By: Kristen Pizzo, Project HEAL San Jose Chapter Leader
Meet my boyfriend: three-fourths Italian, five foot nine, dark hair, bright eyes and mile-long lashes. He’s got a unique, unheard-of name that sounds like it’s right off the pages of a John Green novel. A cute chuckle of a laugh that can go from making him sound like a jolly old soul to just downright adorable. He has hands like a baby’s and soft cheeks to match. A nice backside, strong arms to embrace me with, and overall, a body that shouldn’t be taken for granted. No, he doesn’t have washboard abs, rippling biceps, or super toned, muscular pectorals. But an extremely nice, desirable body nonetheless. I wouldn’t want him any other way. But he does.
He told me when we first met. I took it as a joke, because clearly he wasn’t. But that wasn’t so clear to him.
“My thighs are fat. “
“I hate waking up in the morning and seeing myself in the mirror shirtless, seeing my fat legs in my boxers. “
“I have man-boobs and you know it.”
“I don’t know if I want to go swimming because I’ll be shirtless.”
Despite the increasing seriousness in his daily comments, I still took them as jokes because of the times when they seemed like innocent remarks. I saw no strange, unhealthy pattern in his eating or exercising, and because of this, I assumed he was in no danger of an eating disorder, and, therefore, perfectly fine. Well, you know what they say about assuming.
“I wear big shirts to hide my rolls.”
“You must go for bigger guys.”
“Why would you date me when I look like this?”
“I don’t like eating in front of you.”
“I’m so afraid of what other people think.”
Though his words were beginning to echo my thoughts of the past, I still believed I was overreacting, taking it too dramatically. Then:
We were on an afternoon walk through the neighborhood one day. He said something that I cannot recall, that prompted me to teasingly lift his shirt and mime taking it off. At first, he laughed and scolded me for trying to do that in public, but after, he grew quiet and solemn, a serious, unhappy, dead look in his eyes and I knew something was very wrong.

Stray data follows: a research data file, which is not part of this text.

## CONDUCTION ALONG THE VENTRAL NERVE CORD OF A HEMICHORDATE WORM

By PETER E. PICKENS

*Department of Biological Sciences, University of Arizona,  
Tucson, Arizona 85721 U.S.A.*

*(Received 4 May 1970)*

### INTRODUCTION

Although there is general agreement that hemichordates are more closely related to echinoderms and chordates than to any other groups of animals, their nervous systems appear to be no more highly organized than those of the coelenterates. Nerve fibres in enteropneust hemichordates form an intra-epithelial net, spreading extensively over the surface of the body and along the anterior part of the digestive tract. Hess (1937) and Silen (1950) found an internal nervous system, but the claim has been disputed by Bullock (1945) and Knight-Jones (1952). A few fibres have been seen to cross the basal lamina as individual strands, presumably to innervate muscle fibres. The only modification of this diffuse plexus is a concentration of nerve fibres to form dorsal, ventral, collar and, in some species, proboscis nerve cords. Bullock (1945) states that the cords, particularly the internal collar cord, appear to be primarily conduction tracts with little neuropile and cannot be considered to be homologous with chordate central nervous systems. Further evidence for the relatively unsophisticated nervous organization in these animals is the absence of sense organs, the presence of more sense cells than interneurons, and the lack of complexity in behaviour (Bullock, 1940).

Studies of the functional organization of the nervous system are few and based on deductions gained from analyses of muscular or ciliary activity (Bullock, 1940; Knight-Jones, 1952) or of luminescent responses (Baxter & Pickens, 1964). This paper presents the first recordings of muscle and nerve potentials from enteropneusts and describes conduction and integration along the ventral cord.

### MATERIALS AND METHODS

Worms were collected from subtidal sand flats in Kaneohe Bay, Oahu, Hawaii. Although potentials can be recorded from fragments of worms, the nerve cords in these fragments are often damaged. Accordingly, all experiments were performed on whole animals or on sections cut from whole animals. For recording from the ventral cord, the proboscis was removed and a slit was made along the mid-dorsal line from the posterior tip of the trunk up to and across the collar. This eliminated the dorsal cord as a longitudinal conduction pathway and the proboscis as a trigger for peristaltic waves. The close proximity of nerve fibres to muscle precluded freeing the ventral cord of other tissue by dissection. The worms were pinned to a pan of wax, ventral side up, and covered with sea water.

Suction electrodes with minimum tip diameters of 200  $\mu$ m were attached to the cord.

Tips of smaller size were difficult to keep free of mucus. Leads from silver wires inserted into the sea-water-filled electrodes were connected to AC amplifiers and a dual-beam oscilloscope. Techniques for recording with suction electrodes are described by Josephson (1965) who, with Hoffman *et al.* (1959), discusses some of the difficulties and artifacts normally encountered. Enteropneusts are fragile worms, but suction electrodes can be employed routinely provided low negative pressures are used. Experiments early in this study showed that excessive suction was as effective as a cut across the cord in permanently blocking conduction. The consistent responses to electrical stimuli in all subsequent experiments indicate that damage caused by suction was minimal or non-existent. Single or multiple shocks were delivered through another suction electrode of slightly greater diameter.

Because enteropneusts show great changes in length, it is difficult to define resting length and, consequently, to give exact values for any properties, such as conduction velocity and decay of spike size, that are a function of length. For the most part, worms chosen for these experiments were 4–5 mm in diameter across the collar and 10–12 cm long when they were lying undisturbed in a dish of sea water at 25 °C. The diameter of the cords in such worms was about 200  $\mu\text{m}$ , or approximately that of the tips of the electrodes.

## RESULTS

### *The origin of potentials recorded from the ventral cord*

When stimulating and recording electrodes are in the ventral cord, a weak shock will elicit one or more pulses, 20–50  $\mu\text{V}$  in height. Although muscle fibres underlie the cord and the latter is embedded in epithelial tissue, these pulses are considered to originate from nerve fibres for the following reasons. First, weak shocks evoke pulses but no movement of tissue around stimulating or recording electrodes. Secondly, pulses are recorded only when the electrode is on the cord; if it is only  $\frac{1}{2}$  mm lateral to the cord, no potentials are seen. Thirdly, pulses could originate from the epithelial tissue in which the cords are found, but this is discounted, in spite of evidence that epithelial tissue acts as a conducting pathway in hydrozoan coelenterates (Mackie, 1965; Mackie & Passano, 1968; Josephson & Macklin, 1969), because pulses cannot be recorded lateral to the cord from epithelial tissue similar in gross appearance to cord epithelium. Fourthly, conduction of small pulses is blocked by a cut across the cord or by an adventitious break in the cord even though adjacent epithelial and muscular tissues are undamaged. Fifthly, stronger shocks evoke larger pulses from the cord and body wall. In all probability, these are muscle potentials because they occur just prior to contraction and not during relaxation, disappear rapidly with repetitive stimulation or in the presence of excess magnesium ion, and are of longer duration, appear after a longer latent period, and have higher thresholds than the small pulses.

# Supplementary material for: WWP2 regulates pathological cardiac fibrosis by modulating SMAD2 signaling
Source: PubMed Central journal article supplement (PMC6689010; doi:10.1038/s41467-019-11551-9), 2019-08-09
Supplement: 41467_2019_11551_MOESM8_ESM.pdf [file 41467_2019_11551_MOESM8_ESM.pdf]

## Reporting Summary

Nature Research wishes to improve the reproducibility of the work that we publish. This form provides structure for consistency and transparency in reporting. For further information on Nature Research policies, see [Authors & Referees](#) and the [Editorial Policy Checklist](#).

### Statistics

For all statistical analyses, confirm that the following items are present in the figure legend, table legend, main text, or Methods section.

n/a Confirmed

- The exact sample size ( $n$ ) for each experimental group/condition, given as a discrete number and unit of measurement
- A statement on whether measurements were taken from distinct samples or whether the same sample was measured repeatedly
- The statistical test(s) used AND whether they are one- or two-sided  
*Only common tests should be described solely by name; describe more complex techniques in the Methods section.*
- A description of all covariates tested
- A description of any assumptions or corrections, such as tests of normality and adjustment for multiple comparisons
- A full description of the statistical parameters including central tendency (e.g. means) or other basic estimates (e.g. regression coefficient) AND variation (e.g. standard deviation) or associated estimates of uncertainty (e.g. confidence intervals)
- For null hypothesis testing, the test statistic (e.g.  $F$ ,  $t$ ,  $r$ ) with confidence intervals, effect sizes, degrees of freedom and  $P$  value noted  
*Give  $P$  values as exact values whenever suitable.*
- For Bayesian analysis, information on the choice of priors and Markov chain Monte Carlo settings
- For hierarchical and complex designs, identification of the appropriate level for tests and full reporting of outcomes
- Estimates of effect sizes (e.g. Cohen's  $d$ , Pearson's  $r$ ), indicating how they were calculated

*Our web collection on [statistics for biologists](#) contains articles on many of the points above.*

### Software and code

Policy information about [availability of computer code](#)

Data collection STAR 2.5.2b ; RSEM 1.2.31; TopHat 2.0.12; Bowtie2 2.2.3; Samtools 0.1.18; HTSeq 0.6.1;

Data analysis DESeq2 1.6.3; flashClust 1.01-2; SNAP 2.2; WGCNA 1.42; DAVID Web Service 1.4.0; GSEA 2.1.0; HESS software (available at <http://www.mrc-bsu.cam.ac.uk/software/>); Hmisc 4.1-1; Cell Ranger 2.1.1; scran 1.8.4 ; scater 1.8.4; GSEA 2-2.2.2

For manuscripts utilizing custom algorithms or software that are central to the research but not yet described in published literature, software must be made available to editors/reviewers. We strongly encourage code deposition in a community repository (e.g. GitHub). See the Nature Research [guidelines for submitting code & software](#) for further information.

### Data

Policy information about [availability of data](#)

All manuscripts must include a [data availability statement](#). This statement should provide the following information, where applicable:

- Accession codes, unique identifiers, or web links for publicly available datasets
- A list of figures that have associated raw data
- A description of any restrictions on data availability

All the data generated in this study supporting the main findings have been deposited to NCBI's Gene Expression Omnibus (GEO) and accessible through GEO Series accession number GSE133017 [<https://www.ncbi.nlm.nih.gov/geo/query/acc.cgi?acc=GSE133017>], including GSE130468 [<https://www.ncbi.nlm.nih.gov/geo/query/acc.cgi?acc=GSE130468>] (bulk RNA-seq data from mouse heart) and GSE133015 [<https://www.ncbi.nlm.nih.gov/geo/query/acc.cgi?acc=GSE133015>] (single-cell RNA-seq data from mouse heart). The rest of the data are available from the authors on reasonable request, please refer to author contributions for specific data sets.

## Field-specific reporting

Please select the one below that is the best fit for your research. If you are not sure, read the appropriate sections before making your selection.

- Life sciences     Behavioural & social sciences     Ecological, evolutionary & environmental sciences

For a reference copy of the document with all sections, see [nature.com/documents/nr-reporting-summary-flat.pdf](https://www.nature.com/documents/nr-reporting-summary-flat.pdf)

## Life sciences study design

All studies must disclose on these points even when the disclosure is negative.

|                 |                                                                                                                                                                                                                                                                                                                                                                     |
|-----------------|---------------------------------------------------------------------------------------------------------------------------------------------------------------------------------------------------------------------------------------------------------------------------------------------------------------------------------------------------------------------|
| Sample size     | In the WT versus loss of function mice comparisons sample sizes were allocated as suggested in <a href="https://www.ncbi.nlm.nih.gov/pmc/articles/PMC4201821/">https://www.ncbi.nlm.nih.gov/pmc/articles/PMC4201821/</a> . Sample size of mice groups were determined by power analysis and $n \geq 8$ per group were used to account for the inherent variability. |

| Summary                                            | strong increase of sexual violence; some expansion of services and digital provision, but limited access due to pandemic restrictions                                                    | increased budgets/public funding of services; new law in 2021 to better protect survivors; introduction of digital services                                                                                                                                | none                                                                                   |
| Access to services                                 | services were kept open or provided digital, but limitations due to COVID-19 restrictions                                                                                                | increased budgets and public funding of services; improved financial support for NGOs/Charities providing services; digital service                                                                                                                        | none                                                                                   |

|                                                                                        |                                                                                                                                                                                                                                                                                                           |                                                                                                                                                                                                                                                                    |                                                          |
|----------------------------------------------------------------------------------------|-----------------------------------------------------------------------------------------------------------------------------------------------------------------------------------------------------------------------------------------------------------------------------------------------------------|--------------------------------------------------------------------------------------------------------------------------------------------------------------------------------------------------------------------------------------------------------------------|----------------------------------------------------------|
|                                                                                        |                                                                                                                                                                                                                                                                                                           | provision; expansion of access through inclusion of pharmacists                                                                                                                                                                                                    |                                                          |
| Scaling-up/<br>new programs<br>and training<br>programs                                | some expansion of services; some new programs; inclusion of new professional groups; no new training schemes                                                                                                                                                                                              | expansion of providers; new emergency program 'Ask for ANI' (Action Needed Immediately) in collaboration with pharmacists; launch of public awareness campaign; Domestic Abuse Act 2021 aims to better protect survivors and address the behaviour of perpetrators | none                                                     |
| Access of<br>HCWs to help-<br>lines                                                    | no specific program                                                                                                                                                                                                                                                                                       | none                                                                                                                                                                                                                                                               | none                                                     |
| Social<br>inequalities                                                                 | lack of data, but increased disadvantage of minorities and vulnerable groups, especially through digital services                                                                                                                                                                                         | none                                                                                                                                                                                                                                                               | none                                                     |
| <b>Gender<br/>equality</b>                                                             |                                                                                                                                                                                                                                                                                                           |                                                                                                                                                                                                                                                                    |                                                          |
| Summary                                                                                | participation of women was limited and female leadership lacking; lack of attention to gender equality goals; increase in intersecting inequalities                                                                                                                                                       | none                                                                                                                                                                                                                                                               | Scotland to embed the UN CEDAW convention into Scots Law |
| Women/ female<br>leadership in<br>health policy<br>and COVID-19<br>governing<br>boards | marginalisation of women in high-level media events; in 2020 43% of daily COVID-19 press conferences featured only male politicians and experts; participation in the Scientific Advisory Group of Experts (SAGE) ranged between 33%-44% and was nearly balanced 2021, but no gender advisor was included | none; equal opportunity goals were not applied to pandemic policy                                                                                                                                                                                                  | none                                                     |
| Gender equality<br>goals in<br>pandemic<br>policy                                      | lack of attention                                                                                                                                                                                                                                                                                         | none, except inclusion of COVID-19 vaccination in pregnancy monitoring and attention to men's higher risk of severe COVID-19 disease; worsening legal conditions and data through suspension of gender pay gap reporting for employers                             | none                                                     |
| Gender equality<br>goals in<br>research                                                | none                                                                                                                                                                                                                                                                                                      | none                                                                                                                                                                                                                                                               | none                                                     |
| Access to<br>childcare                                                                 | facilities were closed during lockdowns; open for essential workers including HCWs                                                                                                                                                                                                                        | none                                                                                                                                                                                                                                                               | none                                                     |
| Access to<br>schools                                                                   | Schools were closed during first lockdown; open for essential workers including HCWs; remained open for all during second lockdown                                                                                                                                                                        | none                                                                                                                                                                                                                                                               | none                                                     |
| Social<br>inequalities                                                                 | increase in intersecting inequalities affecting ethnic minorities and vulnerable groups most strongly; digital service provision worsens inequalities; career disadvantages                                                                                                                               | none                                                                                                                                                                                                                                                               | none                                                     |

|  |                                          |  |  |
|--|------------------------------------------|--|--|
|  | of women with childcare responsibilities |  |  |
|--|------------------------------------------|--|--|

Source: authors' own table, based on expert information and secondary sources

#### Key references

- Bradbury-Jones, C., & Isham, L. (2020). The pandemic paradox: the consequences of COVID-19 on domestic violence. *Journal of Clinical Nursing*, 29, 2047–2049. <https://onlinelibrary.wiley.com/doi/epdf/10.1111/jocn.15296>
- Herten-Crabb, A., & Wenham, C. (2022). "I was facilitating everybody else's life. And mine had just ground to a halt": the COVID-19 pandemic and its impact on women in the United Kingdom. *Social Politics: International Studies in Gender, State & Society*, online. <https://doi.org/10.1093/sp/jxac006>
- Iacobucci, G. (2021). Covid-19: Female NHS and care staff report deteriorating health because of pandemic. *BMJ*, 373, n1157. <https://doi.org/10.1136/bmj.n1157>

“What’s wrong babe?” I asked, several times.
“I won’t tell you if you keep asking,” he said.
“I’m concerned. I’m asking because I care.”
It was another block before he finally responded.
“It’s just that I’m not very lenient about people’s opinions. I mean I care what other people think and I’m worried about it and I don’t want them to see me with my shirt off. “
“There was no one around.”
“There was the UPS guy.”
Again, I couldn’t take him seriously. But the look in his eyes when he first became upset was undeniable. He truly meant it.
I told him to hell with what anyone, especially strangers, thought. They’d never have any effect on his life, never matter to him. He wouldn’t have it.
Later that day, I made the mistake of flipping through a Men’s Health magazine while lounging with him on the couch. I meant it as a joke, so that we could laugh at all the bizarre lifestyle tips and new “discoveries” about women, known facts that men were just finding out. What I knew but did not realize at the moment, was that opening a men’s magazine, to a guy, is as toxic as leafing through a celebrity gossip magazine is for a girl.
Ads for weight loss pills screamed at us from every other page, featuring men who were perfectly fit in the before, “fat” pictures and simply “ripped” in the after.
Fitness plans and extreme workouts promised more muscular, toned, desirable bodies, and strange protein powder concoction ads displayed disgusting, sweaty, men who could pass as the Hulk if they were painted green.
Swimsuits were advertised only on the thinnest, most toned of models, setting an unrealistic example of what it means to be desirable to a woman.
“Statistics” from readers proclaimed that if your penis is more or less than seven inches, fewer women will want you.
I looked on and listened in horror as my boyfriend, my gorgeous, funny, adorable beau, uttered the damning words, “I wish I looked like that”.
The feelings of inadequacy a guy can experience when seeing such unrealistic standards mirror that of a woman’s to a T. It is no different. The negativity, self-hate, and unhappiness with my body that spiraled into my eating disorder and still lingers now, after recovery, are things I see in my boyfriend each day. It does not matter that he eats as any boy his age does: skipping breakfast and lunch only to pig out at home and later eat his routine dessert of peanut butter ice cream (he won’t eat any other flavor). The fact that his eating and exercise habits are “normal” does not mean he is mentally healthy and stable. His negative body image and what seems like body dysmorphia at times, though it does not translate into his eating, is still hurting him. And I hate to say it, but though I always discourage him from negative thinking and tell him the way I see him, I am not helping the issue when my own insecurities come up and negative remarks about my own eating and looks come out of my mouth. I know now that this is no joke. Mirrors and scales deceive and hurt boys and men too. In order to guide my boyfriend on the path to loving himself and accepting his flaws the way I love and accept him, I must set an example. Because though he is a different kind of warrior, he is fighting the same battle.